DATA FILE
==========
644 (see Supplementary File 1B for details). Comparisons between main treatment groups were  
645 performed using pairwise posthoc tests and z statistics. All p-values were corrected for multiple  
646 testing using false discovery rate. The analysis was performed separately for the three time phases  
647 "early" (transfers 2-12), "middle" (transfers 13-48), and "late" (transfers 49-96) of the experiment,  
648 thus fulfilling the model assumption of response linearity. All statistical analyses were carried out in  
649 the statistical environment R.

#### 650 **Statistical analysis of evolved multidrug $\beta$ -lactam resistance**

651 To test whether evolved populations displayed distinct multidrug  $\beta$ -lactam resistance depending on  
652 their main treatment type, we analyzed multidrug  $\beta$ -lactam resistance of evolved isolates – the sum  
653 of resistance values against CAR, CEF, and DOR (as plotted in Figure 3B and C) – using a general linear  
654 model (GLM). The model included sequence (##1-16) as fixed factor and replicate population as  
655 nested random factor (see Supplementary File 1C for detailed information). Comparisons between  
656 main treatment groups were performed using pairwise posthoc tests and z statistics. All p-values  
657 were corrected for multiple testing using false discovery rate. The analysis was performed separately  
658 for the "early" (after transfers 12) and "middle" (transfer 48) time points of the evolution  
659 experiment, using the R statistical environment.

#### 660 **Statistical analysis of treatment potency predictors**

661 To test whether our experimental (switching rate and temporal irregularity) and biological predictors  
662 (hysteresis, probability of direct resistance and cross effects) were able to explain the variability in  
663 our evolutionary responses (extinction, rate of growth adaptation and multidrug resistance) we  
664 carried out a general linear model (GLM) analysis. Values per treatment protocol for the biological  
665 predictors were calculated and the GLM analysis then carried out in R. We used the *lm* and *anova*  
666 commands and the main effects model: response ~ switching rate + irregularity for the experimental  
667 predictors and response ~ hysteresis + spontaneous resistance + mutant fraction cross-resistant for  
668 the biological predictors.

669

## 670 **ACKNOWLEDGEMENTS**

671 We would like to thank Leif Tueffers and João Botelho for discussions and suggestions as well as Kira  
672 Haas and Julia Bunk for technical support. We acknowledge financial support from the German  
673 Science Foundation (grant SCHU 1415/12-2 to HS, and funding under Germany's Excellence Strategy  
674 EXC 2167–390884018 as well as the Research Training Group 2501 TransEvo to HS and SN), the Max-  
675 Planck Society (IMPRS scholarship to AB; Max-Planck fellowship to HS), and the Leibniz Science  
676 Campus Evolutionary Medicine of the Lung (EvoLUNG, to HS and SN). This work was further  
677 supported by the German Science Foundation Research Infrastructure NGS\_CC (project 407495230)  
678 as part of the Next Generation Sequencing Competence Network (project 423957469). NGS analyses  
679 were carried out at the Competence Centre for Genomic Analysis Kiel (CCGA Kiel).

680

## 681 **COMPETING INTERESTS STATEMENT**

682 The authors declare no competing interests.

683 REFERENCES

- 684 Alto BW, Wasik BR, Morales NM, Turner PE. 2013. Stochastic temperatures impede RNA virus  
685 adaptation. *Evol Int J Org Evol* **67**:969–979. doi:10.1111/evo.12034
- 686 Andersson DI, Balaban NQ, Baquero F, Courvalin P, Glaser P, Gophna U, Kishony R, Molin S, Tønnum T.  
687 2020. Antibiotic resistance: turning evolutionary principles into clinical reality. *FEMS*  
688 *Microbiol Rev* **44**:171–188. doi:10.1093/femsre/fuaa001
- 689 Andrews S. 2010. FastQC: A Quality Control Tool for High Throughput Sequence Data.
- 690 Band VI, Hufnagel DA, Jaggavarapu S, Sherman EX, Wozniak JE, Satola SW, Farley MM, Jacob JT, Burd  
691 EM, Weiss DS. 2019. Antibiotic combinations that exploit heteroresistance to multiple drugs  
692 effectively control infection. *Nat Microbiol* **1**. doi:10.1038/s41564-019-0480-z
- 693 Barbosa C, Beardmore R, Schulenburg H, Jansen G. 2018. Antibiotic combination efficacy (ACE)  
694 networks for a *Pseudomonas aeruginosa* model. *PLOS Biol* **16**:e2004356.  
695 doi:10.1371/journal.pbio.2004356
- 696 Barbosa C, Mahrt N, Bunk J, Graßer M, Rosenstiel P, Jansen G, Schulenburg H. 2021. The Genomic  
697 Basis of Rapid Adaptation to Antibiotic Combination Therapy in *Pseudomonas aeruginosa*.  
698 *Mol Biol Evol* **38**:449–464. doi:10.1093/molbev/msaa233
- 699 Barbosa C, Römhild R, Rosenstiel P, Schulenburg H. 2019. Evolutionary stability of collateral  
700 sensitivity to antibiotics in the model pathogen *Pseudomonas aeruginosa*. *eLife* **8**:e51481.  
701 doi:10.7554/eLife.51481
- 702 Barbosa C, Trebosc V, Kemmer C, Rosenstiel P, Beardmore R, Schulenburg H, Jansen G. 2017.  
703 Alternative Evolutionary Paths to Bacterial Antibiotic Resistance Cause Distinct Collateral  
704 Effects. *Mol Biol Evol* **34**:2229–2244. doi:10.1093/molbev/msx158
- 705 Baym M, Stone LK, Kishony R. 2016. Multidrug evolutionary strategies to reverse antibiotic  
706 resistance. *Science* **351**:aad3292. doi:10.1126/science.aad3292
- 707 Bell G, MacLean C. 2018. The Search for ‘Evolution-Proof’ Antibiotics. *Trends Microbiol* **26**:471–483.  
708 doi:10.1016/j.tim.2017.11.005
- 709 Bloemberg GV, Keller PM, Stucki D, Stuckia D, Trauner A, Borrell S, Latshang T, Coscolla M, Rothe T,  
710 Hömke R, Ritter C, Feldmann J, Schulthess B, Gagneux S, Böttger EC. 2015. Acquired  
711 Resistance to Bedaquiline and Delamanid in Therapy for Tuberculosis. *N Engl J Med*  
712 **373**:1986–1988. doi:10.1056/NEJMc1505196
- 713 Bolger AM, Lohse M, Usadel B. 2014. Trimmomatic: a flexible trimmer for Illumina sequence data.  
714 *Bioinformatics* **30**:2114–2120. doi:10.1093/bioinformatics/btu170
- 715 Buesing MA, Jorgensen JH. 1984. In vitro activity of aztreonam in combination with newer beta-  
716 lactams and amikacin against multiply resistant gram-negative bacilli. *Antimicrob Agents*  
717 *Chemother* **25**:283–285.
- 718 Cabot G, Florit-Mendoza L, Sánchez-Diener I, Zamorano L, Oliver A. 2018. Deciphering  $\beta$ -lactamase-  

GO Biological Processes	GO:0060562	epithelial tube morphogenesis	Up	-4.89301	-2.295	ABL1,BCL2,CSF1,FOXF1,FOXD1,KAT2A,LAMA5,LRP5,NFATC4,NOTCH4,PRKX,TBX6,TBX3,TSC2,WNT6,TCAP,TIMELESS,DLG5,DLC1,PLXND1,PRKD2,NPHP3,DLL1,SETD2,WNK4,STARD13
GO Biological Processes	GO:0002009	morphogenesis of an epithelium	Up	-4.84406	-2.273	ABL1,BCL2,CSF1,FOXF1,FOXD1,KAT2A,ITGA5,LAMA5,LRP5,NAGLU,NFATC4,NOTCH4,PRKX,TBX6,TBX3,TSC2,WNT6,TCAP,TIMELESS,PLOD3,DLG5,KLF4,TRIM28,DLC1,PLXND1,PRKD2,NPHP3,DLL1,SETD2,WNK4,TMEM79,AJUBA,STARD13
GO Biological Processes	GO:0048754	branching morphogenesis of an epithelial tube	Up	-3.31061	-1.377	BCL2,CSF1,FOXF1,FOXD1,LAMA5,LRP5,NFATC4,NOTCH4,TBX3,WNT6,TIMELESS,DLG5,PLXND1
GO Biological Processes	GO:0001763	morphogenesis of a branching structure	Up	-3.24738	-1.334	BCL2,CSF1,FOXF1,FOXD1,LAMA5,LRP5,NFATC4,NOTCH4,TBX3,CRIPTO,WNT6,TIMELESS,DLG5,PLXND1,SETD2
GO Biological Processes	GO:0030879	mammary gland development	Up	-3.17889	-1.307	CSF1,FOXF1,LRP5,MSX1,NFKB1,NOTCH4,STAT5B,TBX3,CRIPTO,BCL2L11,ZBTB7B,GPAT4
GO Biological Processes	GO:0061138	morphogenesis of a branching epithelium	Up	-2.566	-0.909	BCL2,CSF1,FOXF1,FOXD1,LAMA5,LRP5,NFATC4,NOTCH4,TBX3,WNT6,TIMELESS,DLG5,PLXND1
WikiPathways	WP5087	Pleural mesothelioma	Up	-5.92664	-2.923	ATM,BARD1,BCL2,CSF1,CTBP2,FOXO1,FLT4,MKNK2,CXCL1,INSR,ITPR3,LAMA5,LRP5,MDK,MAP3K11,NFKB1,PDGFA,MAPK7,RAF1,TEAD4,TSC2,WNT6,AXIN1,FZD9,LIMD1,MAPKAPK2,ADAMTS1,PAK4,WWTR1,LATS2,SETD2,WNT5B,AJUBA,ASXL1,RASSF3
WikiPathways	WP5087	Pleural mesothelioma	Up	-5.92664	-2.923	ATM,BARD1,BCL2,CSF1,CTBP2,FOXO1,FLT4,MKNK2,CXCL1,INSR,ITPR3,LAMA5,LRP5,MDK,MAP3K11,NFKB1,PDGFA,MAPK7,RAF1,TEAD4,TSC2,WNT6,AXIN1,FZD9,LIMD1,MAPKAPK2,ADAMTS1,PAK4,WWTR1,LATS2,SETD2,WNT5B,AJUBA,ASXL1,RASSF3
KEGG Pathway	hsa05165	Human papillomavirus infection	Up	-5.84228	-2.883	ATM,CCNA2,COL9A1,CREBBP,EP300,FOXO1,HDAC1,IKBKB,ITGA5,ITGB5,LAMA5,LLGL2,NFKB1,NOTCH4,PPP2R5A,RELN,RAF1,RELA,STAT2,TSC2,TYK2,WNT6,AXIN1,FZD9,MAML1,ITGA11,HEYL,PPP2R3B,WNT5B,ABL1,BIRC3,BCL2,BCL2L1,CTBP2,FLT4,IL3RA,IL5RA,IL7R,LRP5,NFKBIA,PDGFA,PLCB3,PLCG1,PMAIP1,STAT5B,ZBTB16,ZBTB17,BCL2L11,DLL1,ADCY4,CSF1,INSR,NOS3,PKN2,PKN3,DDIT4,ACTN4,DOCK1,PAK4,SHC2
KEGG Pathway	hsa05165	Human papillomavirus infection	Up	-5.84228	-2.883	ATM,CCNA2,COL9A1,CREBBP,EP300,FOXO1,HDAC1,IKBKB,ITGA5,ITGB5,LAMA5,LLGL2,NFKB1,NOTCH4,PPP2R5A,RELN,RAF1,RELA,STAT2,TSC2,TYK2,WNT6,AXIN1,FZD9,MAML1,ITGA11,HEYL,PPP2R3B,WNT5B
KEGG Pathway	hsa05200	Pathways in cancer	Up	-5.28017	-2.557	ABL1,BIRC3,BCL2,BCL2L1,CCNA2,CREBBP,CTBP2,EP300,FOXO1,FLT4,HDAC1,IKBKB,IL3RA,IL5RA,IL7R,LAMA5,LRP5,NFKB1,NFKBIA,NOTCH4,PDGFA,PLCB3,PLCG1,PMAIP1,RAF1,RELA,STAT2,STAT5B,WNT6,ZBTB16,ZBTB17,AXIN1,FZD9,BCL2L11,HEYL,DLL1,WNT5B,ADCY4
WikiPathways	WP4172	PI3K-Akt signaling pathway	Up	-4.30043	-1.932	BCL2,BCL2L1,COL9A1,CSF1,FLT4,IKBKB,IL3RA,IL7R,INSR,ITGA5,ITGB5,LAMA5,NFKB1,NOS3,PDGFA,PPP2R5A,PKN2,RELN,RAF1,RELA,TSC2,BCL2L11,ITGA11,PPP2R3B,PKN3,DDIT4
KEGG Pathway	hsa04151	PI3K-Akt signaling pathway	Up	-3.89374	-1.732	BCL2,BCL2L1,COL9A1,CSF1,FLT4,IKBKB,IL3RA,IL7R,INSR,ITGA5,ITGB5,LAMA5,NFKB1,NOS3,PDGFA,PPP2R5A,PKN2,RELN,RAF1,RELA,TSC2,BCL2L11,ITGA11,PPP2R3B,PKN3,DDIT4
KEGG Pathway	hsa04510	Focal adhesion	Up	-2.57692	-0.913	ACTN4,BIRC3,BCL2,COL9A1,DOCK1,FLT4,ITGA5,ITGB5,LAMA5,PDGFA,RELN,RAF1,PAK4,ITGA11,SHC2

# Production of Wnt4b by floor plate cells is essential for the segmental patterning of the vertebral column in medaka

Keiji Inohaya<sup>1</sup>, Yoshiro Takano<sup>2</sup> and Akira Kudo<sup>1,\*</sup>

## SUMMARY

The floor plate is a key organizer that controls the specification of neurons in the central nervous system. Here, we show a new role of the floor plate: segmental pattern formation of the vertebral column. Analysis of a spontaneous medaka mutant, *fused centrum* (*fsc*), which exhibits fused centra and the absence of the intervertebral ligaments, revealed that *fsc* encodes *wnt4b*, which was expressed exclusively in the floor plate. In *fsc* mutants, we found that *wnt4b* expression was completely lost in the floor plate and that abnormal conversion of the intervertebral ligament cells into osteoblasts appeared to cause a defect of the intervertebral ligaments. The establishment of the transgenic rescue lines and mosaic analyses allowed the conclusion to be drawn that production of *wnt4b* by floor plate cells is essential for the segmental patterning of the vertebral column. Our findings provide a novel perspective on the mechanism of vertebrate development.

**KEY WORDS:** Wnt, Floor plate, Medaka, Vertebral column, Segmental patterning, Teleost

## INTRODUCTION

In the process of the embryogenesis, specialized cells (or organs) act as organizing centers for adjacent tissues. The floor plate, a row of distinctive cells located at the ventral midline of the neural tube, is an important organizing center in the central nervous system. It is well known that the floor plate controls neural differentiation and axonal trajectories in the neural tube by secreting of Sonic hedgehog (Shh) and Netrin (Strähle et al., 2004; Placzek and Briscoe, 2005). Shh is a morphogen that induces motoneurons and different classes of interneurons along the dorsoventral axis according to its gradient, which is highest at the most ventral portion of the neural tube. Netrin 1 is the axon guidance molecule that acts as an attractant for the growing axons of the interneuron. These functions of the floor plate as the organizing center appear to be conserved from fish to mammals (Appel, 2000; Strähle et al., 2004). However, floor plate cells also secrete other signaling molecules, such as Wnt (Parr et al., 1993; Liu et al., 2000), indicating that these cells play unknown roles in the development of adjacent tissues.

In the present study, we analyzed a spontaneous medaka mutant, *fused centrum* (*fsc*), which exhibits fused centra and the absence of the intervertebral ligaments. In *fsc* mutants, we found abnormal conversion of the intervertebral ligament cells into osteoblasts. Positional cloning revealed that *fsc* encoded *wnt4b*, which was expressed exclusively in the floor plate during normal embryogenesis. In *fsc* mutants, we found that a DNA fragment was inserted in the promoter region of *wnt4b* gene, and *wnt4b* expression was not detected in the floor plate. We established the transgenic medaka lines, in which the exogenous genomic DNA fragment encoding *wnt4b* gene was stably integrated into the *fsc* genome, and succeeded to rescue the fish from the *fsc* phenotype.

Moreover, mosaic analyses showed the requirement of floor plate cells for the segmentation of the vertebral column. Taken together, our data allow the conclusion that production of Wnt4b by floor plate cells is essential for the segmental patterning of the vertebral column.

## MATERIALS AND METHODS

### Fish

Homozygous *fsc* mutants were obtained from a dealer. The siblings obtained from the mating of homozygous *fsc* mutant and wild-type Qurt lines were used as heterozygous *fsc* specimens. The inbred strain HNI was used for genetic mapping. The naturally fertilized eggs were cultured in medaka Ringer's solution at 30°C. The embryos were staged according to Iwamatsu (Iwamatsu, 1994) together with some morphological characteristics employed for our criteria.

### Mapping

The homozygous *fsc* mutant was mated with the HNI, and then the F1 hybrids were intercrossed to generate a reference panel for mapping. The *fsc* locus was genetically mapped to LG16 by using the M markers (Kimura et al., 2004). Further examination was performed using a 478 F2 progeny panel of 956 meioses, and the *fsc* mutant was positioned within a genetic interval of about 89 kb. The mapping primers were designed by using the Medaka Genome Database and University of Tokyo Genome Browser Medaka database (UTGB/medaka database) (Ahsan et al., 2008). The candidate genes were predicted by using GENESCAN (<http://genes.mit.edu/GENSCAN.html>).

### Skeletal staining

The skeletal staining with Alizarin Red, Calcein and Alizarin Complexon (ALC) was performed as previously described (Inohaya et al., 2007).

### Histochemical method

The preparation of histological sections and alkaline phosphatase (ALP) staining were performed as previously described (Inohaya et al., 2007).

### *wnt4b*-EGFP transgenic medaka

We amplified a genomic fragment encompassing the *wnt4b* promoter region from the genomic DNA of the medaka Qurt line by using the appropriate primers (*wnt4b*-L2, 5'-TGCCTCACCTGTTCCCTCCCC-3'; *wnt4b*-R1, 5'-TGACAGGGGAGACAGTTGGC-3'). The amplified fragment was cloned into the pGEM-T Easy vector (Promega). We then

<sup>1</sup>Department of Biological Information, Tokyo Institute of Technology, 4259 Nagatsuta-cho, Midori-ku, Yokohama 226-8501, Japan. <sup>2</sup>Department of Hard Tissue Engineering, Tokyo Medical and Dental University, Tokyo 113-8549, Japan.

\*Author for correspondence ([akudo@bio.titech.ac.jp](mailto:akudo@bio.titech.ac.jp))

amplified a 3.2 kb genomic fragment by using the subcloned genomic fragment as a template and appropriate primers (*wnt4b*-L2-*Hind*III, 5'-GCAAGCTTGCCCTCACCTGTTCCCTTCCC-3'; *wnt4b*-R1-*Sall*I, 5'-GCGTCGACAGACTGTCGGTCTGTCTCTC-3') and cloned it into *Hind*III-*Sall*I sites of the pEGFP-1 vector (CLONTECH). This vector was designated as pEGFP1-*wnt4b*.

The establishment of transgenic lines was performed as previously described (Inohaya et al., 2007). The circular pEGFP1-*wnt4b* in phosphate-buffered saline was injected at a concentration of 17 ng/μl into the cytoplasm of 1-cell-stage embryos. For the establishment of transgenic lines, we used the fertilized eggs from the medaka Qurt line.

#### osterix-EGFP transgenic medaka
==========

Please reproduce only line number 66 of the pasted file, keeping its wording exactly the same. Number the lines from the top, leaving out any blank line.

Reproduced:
- 709 Bloemberg GV, Keller PM, Stucki D, Stuckia D, Trauner A, Borrell S, Latshang T, Coscolla M, Rothe T,  